Form the dough into a disk, put it between two pieces of plastic wrap, and roll it out to an 11-inch round. Press the dough gently into a 9-inch tart shell with a removable bottom, and chill for half an hour. Bake in a 400-degree oven for about 15 minutes and allow to cool on a rack.
To make the filling, grate the zest from 1 lemon. Squeeze all 4 lemons and mix the juice with the zest. Put the lemon mixture into a heavy-bottomed non-reactive pot and whisk in the sugar and cornstarch. Whisk in 2 eggs plus 2 additional yolks.
Put the pot on the stove and turn the heat to medium high. Whisk constantly until the mixture begins to boil, then keep whisking for a couple more minutes until the mixture is smooth and thick.
Remove from the heat, add 6 tablespoons of butter (cut into pieces), and whisk the mixture until the butter has vanished. Spread into the tart shell and allow to cool. Put the tart in the refrigerator to chill for at least 2 hours.
December 16, 2015
They call it “The Greyhound.”
Ashley Christensen (2014 James Beard award winner for Best Chef Southeast of Poole’s Downtown Diner in Raleigh, NC), was in New York last week with a group of women chefs, cooking a charity dinner. When I asked how she carried her knives, she showed me this wonderful knife clutch.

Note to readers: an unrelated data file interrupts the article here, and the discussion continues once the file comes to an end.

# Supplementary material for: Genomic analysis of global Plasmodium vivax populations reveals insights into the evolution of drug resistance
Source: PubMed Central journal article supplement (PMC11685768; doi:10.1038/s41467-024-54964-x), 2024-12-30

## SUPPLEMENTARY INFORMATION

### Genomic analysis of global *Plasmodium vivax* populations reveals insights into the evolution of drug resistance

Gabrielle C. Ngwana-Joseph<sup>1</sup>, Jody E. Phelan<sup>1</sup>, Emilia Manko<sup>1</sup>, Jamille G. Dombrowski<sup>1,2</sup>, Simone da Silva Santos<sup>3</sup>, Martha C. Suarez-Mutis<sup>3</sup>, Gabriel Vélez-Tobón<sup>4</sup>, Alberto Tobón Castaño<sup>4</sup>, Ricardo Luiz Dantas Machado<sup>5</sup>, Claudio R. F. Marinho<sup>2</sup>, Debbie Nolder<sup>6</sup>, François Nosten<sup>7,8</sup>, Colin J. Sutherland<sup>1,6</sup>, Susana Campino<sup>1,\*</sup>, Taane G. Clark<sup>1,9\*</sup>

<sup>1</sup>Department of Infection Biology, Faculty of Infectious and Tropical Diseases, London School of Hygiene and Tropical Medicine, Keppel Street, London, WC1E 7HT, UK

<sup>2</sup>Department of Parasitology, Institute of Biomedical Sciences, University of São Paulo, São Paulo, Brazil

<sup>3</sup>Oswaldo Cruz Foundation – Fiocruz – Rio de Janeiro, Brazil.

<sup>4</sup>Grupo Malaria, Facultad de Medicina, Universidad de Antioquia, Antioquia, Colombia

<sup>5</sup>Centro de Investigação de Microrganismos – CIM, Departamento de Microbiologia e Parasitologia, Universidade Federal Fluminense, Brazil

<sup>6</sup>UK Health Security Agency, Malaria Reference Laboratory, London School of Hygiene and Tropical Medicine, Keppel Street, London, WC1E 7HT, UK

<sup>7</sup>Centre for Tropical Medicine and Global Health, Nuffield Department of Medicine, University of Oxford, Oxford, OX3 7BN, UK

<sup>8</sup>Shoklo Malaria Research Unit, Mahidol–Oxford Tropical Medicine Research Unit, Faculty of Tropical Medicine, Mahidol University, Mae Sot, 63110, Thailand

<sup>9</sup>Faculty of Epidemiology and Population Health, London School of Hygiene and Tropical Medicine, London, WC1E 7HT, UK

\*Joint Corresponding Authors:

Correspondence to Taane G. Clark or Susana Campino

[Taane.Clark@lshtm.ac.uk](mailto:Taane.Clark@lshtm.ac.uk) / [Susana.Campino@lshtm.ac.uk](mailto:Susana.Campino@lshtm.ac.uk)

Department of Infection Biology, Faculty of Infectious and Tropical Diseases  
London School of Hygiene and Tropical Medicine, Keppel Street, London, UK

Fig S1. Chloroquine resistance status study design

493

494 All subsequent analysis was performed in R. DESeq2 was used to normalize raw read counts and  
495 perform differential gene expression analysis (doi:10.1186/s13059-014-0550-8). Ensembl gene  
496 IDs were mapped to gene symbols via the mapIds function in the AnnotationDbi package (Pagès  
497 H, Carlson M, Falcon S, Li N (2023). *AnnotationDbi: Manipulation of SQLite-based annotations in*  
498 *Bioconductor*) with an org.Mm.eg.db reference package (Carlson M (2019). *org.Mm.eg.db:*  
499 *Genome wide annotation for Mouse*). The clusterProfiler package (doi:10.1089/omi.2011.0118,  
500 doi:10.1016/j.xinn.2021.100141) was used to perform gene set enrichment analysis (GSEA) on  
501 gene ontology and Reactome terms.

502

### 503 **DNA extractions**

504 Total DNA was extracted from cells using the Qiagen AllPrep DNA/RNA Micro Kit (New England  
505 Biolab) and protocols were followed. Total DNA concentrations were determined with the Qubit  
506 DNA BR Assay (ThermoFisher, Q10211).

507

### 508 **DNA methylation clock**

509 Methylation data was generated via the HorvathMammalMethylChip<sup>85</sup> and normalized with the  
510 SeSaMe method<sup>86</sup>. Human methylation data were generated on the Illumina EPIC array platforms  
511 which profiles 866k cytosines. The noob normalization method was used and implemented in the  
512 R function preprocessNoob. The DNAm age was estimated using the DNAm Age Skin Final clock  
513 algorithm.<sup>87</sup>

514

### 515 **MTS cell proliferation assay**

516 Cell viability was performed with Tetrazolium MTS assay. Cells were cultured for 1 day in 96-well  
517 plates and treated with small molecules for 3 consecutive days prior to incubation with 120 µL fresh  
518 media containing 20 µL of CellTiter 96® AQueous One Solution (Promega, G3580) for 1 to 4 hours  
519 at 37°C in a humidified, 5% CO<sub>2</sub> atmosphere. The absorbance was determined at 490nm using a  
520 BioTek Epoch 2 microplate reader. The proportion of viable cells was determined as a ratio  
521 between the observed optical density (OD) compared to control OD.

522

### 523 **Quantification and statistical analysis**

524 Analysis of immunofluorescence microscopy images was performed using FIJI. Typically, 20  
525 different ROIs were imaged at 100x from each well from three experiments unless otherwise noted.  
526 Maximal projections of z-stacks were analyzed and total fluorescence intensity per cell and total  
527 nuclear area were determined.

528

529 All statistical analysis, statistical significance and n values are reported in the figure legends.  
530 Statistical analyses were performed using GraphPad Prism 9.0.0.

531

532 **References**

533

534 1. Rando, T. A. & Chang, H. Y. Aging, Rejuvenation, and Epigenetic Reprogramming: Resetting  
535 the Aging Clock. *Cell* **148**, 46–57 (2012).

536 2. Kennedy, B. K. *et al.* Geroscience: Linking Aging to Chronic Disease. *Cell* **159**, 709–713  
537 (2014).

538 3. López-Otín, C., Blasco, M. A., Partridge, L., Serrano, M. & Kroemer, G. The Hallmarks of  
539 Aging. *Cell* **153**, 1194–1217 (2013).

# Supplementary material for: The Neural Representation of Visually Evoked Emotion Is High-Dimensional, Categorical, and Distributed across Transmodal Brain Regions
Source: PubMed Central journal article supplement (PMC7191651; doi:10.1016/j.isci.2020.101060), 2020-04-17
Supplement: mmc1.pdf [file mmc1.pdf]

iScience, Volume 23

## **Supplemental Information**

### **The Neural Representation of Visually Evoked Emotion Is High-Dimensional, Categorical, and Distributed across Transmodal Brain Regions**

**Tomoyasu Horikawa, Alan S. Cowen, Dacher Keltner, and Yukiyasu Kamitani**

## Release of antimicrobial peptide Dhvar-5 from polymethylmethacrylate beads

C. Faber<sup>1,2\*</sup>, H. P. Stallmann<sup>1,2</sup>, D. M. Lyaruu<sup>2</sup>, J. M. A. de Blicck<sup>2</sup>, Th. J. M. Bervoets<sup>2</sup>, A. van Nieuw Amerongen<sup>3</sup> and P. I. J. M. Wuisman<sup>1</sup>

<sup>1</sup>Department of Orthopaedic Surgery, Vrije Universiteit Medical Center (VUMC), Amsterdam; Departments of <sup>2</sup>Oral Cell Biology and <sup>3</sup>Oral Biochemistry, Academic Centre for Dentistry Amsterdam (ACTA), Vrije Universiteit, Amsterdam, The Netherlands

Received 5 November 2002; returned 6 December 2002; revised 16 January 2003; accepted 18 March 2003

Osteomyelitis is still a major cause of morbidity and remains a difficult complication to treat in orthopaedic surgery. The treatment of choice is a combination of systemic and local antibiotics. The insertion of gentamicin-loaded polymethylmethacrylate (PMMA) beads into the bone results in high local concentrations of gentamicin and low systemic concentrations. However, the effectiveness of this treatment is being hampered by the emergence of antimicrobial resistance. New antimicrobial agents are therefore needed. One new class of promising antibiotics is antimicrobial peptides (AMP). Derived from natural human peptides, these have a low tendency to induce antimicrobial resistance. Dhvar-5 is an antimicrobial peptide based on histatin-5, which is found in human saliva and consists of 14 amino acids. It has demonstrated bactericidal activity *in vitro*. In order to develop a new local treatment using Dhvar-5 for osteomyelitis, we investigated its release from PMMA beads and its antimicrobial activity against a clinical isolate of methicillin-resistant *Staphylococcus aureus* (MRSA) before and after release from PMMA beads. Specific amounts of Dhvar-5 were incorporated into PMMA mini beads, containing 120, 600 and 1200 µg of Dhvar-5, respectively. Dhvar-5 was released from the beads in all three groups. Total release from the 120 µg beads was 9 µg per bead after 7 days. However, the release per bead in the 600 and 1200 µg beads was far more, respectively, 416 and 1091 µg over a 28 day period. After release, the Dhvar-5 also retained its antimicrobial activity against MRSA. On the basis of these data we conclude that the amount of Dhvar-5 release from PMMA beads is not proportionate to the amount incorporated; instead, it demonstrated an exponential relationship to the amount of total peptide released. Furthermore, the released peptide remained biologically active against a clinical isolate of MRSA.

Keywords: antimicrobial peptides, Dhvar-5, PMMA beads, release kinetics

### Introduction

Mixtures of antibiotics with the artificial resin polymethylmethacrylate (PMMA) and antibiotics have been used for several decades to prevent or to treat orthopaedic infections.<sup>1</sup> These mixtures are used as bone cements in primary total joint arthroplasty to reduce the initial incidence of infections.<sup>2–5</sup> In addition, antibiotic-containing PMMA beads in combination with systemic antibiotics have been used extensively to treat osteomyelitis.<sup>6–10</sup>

It’s made out of heavy duty waxed canvas, with a pocket on the inside that closes with snaps. There’s room for five knives, and an entire kitchen battery of spoons, steels and microplanes. It closes with a leather strap, and would be perfect for any traveling chef.
“Oh yeah,” Christensen added modestly. “I designed it.”
$130 very well spent dollars.
Incidentally, if you’re looking for a smaller, less expensive version, the same company, Hawks and Doves in Raleigh, also makes this version of a knife clutch.